We have more poor people in Brooklyn than the entire population of Detroit; we have more people on food stamps than the entire population of Washington, D.C.,” Gelber said. “Yet there are more wealthy people than in Greenwich, Conn.”
The Daily News scoured Brooklyn for telling statistics about the extremes of grimness and glamor gripping the split-personality borough, and found:
-Sixty-nine people have been shot this year in Brownsville. Four miles away, a mansion at 70 Willow St. in Brooklyn Heights sold for the borough’s highest-ever home price of $12.5 million. -Brooklyn sent five athletes to the Olympics but one in four borough residents is obese. -Brooklyn has 113 colleges and universities but only 29% of borough residents have college degrees.
“It’s absolutely a tale of two Brooklyns, right out of Dickens,” said Joel Berg, executive director of the New York City Coalition Against Hunger. “The divide is getting wider every year.”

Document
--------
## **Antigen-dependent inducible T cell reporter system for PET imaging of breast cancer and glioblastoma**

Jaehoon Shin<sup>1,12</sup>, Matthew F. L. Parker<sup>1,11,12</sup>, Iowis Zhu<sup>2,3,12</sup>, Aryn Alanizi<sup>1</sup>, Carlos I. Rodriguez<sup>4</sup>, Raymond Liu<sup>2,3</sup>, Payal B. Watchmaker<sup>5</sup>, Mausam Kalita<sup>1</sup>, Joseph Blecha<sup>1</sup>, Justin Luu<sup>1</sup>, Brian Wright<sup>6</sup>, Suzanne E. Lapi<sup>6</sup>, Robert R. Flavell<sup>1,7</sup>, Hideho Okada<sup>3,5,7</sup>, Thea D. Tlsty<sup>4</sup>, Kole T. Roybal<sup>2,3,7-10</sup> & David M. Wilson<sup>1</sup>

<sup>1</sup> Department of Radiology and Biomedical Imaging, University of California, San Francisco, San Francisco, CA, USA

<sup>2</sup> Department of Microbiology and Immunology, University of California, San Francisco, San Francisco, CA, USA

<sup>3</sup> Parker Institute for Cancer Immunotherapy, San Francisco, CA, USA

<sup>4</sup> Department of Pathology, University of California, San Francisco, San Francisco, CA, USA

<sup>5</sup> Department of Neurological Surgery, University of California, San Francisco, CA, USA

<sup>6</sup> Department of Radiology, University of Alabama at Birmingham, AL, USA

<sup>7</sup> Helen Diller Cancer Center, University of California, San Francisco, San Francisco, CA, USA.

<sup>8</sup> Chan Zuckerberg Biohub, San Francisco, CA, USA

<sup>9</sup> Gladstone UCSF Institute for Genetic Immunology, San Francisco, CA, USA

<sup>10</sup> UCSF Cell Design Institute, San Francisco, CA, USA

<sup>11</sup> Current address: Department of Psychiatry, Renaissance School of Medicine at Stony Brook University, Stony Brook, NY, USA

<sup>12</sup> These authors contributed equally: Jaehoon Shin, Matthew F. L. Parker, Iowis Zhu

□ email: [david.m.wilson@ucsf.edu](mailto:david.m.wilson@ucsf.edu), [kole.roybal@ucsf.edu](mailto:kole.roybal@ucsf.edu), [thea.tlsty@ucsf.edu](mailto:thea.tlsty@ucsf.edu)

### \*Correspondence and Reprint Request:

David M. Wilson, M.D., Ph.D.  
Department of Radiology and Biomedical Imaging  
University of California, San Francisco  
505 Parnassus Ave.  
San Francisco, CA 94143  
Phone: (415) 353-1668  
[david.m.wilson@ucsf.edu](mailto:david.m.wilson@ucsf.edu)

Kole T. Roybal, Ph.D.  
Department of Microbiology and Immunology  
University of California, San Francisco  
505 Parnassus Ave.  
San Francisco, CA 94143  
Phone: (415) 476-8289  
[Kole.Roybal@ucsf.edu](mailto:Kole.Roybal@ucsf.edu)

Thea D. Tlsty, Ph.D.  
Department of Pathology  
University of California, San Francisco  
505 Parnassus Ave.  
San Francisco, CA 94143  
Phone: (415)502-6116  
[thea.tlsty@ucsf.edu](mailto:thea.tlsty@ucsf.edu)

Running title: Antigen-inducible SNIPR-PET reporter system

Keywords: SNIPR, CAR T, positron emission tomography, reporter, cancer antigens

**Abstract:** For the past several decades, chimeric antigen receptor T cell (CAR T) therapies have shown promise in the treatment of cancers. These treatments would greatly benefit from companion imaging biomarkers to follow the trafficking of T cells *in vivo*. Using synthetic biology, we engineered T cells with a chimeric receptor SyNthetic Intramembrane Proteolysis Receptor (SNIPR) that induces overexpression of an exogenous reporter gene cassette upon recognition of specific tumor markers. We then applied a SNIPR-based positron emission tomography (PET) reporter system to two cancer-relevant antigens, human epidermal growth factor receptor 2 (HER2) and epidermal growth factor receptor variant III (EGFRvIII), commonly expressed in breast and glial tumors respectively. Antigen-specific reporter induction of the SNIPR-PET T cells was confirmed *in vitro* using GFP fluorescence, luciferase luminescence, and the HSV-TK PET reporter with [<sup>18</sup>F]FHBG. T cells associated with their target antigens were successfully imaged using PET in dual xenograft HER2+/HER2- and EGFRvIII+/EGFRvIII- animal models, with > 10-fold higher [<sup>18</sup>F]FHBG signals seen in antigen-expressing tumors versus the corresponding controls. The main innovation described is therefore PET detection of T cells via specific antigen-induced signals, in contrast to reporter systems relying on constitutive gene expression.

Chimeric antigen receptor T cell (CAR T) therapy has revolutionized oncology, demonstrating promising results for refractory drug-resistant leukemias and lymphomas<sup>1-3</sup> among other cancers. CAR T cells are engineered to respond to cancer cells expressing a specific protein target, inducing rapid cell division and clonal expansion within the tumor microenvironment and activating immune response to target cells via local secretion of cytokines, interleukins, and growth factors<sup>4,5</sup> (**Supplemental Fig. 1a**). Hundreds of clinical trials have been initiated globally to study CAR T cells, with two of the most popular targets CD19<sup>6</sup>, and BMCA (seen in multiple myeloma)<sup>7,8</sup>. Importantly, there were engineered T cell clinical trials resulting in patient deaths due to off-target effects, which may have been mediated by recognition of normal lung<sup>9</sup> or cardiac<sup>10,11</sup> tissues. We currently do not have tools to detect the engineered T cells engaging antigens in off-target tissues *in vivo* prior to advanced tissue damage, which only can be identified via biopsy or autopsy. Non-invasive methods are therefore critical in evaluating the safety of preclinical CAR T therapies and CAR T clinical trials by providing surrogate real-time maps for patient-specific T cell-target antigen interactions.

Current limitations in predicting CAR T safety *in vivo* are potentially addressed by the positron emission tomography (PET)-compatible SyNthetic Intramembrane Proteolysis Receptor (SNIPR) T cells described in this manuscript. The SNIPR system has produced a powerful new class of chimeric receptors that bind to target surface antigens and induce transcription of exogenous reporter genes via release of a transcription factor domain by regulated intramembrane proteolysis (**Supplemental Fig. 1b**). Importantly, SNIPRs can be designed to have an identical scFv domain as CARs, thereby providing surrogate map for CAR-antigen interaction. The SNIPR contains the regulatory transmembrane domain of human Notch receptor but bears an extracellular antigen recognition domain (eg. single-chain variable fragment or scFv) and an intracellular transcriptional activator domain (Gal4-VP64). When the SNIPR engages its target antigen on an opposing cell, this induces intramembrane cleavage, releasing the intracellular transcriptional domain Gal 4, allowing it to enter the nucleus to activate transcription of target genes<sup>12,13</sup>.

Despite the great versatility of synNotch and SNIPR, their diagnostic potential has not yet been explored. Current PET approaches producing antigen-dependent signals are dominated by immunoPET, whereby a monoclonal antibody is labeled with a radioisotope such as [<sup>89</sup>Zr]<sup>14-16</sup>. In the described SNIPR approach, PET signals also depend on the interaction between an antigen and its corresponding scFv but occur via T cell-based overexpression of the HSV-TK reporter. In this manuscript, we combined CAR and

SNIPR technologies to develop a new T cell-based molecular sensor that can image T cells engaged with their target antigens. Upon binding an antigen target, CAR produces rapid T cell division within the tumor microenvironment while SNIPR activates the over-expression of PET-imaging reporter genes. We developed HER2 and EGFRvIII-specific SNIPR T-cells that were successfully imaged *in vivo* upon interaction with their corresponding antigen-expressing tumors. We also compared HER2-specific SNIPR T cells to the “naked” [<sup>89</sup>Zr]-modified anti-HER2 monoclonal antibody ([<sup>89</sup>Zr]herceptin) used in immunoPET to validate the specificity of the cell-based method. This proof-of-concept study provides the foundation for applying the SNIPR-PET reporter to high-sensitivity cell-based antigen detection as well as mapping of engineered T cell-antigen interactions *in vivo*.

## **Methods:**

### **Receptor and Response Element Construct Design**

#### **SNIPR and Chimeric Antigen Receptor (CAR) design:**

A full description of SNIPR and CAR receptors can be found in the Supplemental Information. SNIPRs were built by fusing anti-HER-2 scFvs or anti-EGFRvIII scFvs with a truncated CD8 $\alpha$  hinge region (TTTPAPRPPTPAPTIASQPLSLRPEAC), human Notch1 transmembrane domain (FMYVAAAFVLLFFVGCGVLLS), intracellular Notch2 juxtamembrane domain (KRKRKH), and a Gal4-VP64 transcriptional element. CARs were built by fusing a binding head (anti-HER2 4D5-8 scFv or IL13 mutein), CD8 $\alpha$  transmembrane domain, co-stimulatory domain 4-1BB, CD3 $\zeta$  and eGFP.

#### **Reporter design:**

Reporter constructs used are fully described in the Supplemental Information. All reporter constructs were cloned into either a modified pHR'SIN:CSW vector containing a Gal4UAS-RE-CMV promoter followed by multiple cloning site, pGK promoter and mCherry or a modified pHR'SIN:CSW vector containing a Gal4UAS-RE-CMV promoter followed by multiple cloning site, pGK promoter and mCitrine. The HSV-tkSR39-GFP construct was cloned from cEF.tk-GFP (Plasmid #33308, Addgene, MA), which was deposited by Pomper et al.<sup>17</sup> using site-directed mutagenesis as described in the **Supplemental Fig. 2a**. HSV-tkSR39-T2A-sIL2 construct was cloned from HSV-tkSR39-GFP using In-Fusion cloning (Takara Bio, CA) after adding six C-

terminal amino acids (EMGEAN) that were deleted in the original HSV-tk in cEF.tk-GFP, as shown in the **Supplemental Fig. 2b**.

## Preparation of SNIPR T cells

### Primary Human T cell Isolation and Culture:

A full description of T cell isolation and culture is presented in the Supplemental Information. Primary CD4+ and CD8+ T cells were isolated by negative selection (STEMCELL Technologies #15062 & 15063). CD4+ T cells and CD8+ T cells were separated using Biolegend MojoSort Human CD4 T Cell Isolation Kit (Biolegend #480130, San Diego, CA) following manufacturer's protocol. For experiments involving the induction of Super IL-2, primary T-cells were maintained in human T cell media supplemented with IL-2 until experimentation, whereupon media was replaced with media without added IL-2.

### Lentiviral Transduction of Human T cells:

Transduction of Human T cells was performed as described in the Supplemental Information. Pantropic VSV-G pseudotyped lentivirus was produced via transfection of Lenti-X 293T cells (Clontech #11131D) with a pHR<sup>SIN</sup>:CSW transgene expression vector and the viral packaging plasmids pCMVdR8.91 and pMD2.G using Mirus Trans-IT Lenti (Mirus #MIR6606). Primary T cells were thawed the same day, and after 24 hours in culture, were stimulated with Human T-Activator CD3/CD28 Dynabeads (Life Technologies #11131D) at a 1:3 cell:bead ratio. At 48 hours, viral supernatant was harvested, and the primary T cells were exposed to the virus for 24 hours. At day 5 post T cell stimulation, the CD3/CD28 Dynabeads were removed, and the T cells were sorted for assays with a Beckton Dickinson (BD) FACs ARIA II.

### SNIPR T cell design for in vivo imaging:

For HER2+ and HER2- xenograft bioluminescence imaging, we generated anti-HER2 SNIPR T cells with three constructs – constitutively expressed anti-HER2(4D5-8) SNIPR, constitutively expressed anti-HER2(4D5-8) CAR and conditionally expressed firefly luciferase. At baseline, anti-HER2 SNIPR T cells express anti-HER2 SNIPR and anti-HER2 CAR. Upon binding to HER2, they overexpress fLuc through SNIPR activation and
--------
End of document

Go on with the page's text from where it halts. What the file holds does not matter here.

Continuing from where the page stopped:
Waves of gentrification that started in the 1980s have brought an influx of mega-bucks and turned once-grimy neighborhoods like Williamsburg into magnets for the rich and trendy.
A big crime reduction in the 1990s was a main driver of moneyed people into Brooklyn, said Jonathan Bowles, director of the Center for an Urban Future. Several years ago, the well-heeled stopped seeing Brooklyn as a bargain-priced alternative to Manhattan — but kept coming anyway.
“It’s an increasingly difficult borough to be middle class,” said Bowles, citing Windsor Terrace and Kensington as neighborhoods where rising real estate prices are displacing moderate-income residents.
From the NY Daily News comes a Tale of Two Cities (and does not include rural poverty):